Along the Oregon Trail: Three Island Crossing

Growing up the Oregon Trail to me was a video game. I always tried to be a farmer who could make it to Oregon with $400 dollars and a big dream.  I played online today with my seven year old. You can find the link here.

At one point in the game,  my character got lost for two days. “It is was probably because you spent too long talking to people, Mom,” my kid said.

Eye roll.

A few minutes after I finally decided to return, we ran out of food, and my character died.


No problem. I could restart my game. However, it made me think about the brave men and women who traveled the Oregon, California, Mormon and other trails over a hundred and fifty years ago. They sold their homes, packed supplies into a wagon, and set off for a part of the world they had never seen. They only had hope that their lives would be better once they reached their destination. On our recent family trip, we visited one of the sites along the Oregon Trail, the Three Crossings of the Snake River.

Three Crossings is located near present day Glenn, Idaho. When the settlers arrived here they had to decide whether to continue down the south side of the Snake River where there wasn’t as much water or to risk crossing the river. They could die of thirst or die drowning in the river. It wasn’t an easy decision.

IMG_6090The strength and fortitude of these emigrants is amazing. I am out in the hot sun for ten minutes and I want to run inside to my house where it is cool. I get a few mosquito bites and I am annoyed, but I don’t have to worry about getting infectious diseases.  I am so blessed to live in this time and to have so many comforts.

Many of my ancestors traveled the Mormon Trail. My fifth great grandmother Lydia Goldthwaite and Newell Knight left their home in Nauvoo, Illinois. The home was only a few years old and had a tidy lawn and new corrals.  They left in the cold of February because mobs from the surrounding cities threatened to come into the city and destroy their homes and harm the women and children. Mobs had destroyed their home in Missouri only eight years before.

Newel and Lydia Knight traveled with their seven children across the muddy plains of Iowa and eventually settled in a place called Ponca near the Missouri River.  They made crude dugouts and lived there throughout the harsh Nebraska winter. Newel became sick from the exposure to the cold.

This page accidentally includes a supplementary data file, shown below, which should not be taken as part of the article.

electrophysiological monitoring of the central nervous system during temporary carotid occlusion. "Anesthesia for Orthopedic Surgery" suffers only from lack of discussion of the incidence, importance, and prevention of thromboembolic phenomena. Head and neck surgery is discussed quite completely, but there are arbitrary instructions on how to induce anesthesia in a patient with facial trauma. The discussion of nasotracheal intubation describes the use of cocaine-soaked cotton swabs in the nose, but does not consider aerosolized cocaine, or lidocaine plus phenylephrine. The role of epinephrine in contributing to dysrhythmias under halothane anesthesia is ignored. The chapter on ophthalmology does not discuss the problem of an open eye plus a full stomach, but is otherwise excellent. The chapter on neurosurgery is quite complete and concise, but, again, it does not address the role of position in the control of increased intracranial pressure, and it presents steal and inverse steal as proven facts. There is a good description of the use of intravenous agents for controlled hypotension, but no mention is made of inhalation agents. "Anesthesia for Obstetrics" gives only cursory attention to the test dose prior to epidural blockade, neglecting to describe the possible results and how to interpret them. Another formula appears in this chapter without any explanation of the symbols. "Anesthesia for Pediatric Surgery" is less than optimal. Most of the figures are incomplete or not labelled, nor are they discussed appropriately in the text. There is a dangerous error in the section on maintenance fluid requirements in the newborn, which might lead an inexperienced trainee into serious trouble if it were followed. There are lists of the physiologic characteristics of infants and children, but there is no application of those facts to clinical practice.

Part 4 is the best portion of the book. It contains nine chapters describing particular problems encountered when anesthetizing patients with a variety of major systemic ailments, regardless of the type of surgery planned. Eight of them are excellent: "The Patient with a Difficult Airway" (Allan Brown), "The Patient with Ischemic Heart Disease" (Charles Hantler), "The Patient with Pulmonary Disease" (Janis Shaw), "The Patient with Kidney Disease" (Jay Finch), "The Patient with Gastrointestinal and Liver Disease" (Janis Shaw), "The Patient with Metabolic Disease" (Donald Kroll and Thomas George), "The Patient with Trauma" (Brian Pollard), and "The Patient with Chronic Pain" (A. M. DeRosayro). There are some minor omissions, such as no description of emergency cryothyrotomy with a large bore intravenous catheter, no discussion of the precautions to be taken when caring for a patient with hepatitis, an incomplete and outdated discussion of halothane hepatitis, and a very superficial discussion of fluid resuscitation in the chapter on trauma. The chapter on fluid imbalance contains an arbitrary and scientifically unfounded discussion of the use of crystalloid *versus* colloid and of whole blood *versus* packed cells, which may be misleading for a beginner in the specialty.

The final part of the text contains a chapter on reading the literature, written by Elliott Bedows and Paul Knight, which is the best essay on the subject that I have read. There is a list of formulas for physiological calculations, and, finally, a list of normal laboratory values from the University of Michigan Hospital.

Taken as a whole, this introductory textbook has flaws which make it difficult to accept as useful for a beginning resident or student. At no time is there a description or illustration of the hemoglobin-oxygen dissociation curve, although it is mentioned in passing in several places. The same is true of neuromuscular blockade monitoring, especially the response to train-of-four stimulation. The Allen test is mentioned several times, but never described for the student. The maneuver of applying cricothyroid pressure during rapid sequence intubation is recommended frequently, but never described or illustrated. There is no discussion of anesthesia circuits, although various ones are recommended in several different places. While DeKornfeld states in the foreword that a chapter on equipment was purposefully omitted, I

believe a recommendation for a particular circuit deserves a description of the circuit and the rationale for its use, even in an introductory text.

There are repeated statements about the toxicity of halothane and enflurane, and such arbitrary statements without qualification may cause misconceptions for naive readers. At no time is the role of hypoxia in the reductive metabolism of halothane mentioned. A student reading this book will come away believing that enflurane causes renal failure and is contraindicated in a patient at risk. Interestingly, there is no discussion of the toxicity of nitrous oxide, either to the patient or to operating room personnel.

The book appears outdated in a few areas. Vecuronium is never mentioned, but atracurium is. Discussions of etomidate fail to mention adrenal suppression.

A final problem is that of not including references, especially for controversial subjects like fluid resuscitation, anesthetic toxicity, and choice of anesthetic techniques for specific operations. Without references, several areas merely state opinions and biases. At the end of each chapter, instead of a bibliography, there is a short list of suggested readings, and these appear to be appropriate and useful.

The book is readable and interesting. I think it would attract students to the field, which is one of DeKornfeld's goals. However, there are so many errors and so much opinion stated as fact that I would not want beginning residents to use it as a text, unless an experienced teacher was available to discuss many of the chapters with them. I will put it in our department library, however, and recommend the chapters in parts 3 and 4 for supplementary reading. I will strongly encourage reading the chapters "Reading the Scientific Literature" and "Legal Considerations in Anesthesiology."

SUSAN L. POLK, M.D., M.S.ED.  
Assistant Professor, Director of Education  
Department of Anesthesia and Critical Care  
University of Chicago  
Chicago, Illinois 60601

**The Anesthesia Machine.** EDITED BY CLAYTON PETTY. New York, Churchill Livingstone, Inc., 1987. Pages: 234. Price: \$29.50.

From Lydia’s journal,”On Monday morning, Jan. 4, 1847, Bro. Knight, whose health had been failing for some time, did not arise as usual, and on going to him he said, “Lydia, I believe I shall go to rest this winter.”

Lydia watched as her husband declined for ten days.

“I felt at last as if I could not endure his sufferings any longer and that I ought not to hold him here,” she wrote. “I knelt by his bedside, and with my hand upon his pale forehead asked my Heavenly Father to forgive my sins, and that the sufferings of my companion might cease, and if he was appointed unto death, and could not remain with us that he might be quickly eased from pain and fall asleep in peace. Almost immediately all pain left him and in a short time he sweetly fell asleep in death, without a struggle or a groan, at half past six on the morning of the 11th of January, 1847.”

Lydia and family look on at Newel’s grave.

I can’t imagine losing my husband and then having to cross the plains with seven young children. Lydia did it. She did not give up. Her motto was, “God Rules.” She wrote in her journal, “I still trust in God knowing He will do all things for the best.

My faith is not as strong as hers. If my husband were to pass away suddenly and I was left to raise my boys by myself, I don’t know if I would be as strong as her. I know I would struggle and it would be hard for me to say, “Heavenly Father, I Trust in Thee.”

I would like to have Lydia’s kind of faith. In the next few levels of my real life, I want to remember her and her faith and I want to become stronger. I can choose today to restart my life and strive become better each day.




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